World powers meeting in Munich have announced a ceasefire plan for Syria. Fighting is supposed to stop in a week. But no Syrians were at the conference, leaving this observer skeptical about the implementation of the deal.
Syrian president Bashar al-Assad has given a rare interview to the media — to the BBC. Assad denied using barrel bombs. But British trauma surgeon David Nott was astonished to hear that, since he was nearly killed by one of the devices in Aleppo a few months ago.
Russian President Vladimir Putin and Turkey President Recep Tayyip Erdoğan don't often see eye-to-eye on important foreign policy issues, such as Russia's annexation of Crimea and the crisis in Syria. But when the two leaders met at the beginning of the week in Ankara, they became a "coalition of the unwilling."
Syria's official news agency, SANA, publishes a website in eight language — including most recently in Hebrew. The Syrian regime added Hebrew, the official language of Israel, to "gain the upper hand in the battle for public opinion."
Syrians in the Turkish border town of Kobane say they're on the verge of being overrun by ISIS militants. But while American warplanes are coming to their aid, the US is still reluctant to get involved — but may be forced into much wider action that it wants.
An Islamic extremist group fighting in Syria, known as ISIS, is demanding that non-Muslims in areas they control convert to Islam or pay a "tax" for protection. Syrian Christian pastor Nadim Nassar, living in exile in London, says Syria's Christians are caught "between two fires" — Assad's dictatorship and a fragmented rebellion.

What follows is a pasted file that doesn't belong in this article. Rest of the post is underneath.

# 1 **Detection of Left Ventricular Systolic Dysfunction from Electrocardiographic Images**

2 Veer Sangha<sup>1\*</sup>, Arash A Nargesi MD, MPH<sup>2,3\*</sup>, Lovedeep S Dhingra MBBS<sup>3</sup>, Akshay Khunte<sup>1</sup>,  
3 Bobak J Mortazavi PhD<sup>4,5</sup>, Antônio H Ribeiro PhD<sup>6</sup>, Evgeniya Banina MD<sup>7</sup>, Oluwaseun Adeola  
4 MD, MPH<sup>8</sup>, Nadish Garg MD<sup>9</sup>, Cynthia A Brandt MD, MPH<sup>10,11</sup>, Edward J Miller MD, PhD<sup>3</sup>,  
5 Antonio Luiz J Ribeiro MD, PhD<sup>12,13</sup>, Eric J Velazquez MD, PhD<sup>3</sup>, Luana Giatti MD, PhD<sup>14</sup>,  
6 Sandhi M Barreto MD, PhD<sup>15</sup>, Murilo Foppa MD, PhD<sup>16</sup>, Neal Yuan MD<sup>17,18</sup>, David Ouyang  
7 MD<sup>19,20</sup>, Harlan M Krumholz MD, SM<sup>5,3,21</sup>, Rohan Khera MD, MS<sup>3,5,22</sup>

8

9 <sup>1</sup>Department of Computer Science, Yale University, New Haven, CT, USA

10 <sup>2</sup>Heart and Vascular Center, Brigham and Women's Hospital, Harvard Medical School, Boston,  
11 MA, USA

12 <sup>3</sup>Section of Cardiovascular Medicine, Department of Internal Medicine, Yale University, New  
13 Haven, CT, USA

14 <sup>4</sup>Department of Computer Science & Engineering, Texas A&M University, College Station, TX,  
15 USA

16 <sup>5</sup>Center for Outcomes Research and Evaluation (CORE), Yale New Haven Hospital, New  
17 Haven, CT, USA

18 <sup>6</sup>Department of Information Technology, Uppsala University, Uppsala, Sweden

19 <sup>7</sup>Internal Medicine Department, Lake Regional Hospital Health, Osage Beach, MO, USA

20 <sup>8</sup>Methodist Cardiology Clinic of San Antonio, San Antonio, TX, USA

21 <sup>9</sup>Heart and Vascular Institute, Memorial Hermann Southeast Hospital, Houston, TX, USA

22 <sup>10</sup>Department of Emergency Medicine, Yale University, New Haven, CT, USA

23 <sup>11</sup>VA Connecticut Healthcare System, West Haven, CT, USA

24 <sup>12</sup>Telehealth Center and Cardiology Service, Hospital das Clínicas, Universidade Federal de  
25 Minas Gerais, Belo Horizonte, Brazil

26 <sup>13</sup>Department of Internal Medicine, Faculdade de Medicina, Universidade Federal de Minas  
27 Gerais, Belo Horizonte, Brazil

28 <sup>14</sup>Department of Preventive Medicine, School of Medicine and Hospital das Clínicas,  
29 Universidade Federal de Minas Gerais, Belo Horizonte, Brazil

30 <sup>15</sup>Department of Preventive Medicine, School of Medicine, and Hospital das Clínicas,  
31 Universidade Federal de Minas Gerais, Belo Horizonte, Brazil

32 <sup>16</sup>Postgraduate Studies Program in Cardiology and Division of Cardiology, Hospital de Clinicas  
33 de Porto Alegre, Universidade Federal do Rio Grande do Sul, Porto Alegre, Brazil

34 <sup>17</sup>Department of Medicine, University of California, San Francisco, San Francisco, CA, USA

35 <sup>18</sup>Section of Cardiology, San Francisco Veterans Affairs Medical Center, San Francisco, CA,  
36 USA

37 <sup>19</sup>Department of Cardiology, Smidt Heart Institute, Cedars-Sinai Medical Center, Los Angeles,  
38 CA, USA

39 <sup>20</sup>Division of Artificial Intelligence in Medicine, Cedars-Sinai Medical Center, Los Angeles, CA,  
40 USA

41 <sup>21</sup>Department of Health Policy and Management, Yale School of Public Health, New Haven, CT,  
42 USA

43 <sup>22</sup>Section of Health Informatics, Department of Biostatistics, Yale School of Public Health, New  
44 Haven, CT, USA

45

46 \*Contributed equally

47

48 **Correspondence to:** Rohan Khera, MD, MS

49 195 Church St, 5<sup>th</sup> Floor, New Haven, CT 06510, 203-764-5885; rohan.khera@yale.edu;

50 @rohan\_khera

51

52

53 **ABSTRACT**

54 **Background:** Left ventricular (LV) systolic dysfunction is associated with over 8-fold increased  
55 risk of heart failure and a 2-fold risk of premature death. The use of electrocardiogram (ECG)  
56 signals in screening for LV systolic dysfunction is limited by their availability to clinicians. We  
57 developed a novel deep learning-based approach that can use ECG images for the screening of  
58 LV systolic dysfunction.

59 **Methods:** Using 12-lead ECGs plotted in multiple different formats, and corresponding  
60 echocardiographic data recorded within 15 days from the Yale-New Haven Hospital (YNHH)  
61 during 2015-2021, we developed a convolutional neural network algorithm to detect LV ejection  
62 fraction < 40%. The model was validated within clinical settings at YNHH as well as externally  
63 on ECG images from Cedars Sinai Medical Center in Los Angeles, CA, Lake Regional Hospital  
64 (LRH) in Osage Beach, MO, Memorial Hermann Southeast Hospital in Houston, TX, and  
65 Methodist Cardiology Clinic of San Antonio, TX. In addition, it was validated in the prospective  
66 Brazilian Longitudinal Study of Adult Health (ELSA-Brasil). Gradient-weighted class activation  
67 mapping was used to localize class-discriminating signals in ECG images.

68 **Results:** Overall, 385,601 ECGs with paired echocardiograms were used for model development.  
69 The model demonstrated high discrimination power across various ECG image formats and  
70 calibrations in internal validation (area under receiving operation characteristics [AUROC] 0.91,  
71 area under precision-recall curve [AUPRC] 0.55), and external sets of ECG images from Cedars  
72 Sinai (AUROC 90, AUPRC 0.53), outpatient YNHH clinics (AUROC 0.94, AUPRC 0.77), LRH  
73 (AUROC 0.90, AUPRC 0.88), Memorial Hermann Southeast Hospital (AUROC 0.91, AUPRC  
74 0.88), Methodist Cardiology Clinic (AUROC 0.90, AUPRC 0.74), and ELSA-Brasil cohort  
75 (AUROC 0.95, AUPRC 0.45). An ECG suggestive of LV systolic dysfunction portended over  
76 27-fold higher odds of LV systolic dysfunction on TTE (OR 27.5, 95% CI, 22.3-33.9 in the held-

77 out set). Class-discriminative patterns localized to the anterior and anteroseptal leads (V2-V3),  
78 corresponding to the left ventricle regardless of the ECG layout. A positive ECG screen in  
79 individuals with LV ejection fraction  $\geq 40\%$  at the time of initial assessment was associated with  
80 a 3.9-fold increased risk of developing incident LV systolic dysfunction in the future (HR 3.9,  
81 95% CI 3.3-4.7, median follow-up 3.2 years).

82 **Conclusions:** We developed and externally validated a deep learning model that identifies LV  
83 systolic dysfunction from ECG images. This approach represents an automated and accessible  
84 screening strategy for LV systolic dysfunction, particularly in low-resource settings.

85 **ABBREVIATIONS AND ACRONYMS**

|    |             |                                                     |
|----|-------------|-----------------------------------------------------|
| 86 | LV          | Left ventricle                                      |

It's essentially an improvised explosive device - an oil barrel filled with explosive material and shrapnel - dropped from the sky. Host Marco Werman speaks with Time's Middle East bureau chief, Aryn Baker from Beirut about so-called barrel bombs and why Syrian forces are dropping them on cities.
Ebola, ISIS and Ukraine are the issues of the day for political cartoonists gathering in San Francisco for their annual conference. But for some of the international cartoonists visiting from Cuba, Pakistan, India and other places, the issue is more fundamental: Can I even get my cartoons published?
Among the more than one million Syrians who've fled the war are Syrians of Armenian descent. Unlike most Syrian refugees, they're Christian. And many of them fear that if Syrian Bashar al-Assad leaves, they can never go home again.
The US is having some issues mobilizing a coalition in its new war on the militants of ISIS. US Secretary of State John Kerry has been traveling in the Middle East and says he has support from 10 Arab nations, but what that support actually means is uncertain.